Tony Payne, of Matthias Media, wrote (in January 2014): “Over the past couple of months, pastors and church leadership teams in many parts of the world have been reviewing the year just past, and dreaming and scheming about the year to come. . . . . Perhaps you and your team have been be considering some of the following plans . . . .” He then lists 8 areas of church life and ministry. He comments, “The problem, of course, is that you simply can’t do all this. You have limited time and resources. So which items are you going to prioritize? . . . . . . . I continue to be surprised at how widely one of the most important of these bullet points is neglected. It just gets overlooked, or put in the too-hard basket, or falls off the end of the priority list in the face of all the other competing pressures and possibilities. It is one of the most important because it is the bullet-point that in many respects drives and enables all the others.” What is that priority? Find out HERE.

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If you preach like Whitefield, think like Wesley.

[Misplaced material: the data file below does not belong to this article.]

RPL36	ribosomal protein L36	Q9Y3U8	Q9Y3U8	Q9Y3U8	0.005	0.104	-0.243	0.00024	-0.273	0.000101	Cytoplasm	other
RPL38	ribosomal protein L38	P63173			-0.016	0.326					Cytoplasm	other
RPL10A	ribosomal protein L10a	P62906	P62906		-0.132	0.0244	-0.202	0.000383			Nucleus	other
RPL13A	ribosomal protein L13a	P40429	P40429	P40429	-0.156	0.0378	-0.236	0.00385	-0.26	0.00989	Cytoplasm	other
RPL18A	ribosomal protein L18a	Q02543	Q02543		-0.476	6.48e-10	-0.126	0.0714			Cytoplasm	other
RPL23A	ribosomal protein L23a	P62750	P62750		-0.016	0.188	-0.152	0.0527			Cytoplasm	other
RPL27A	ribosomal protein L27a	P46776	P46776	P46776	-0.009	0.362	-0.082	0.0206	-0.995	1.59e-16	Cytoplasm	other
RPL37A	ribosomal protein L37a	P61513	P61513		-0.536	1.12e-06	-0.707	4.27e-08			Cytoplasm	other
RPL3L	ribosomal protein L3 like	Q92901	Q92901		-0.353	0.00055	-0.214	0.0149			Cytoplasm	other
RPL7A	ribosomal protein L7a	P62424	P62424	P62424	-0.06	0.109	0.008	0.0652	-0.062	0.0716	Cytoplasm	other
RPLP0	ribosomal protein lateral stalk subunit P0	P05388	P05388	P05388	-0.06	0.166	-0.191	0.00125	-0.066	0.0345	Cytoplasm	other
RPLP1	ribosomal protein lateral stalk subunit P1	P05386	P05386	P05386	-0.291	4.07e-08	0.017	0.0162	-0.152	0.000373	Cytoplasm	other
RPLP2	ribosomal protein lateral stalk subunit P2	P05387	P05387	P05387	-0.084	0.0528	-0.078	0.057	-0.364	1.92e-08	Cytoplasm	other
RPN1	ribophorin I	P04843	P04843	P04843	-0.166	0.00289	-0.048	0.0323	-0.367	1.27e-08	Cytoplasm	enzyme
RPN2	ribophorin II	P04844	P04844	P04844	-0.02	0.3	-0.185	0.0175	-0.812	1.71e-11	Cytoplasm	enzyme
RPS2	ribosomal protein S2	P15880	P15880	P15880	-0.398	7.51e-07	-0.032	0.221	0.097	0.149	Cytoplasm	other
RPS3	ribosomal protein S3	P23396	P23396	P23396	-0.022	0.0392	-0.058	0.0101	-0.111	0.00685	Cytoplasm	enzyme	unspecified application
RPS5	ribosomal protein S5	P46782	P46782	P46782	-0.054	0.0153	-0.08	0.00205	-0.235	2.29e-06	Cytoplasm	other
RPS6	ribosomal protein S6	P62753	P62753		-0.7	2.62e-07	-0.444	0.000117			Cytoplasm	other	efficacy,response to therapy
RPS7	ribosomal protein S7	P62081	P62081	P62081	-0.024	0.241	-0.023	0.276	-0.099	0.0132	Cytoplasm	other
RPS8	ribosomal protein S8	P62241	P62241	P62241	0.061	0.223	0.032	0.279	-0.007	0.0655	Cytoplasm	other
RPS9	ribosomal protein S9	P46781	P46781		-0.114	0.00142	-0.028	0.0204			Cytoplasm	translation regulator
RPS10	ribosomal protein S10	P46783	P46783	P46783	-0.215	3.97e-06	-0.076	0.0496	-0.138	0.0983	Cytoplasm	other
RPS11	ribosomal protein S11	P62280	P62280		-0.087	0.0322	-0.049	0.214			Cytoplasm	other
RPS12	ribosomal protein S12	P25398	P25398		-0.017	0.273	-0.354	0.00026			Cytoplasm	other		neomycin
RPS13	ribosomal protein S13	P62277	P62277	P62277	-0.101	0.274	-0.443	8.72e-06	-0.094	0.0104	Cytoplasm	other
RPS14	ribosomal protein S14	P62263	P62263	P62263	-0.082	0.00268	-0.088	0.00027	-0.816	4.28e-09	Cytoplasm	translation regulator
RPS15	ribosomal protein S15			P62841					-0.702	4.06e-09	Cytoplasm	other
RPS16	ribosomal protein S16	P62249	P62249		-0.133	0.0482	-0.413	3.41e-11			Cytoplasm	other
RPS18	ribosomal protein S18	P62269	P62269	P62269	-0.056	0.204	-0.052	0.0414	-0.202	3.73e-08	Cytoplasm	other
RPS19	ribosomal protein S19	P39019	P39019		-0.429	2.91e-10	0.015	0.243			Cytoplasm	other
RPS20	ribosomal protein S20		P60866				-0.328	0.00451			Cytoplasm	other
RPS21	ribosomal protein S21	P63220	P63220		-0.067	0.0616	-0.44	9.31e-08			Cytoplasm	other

Eric Geiger writes, “In his highly popular book, The Tipping Point, Malcolm Gladwell contrasted the ministry of George Whitefield and John Wesley. Gladwell articulated that Whitefield was the better communicator, a more powerful preacher than Wesley. Whitefield was also known as a more capable theologian than Wesley, more likely to be compared to Luther or Calvin than Wesley would have been. Yet Wesley’s impact was more far-reaching . . . .” Geiger explains why. He then briefly considers what it means, in his words, “to think like Wesley”. Read the whole article HERE.

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‘Broken,’ ‘authentic,’ ‘surrender’: the problem of Christian jargon.

Dan Doriani writes, “It’s easy, perhaps even necessary, to mock Christian jargon from time to time. . . . . . . . however, we must make distinctions. Some jargon comes directly from Scripture. For example, “saved” appears many times in God’s Word, and it generally has the sense we give it in church circles. “Saved” is an important biblical term, and the danger is not that it’s misleading, but that we use it thoughtlessly, so the term loses its heft. But more often, our jargon has a light connection to Scripture. One thinks of prayer language like “hedge of protection” and “open door.” . . . . “Broken” is an interesting case. In my circles (perhaps not yours), certain pastors and teachers often tell their people they are broken or need to face their brokenness. . . . . There are three difficulties with the jargonish use of “broken.” . . . . There is a third category of jargon—terms that have no biblical basis whatsoever and come from secular culture. “Surrender,” “transparency,” and “authenticity” all belong in this category.”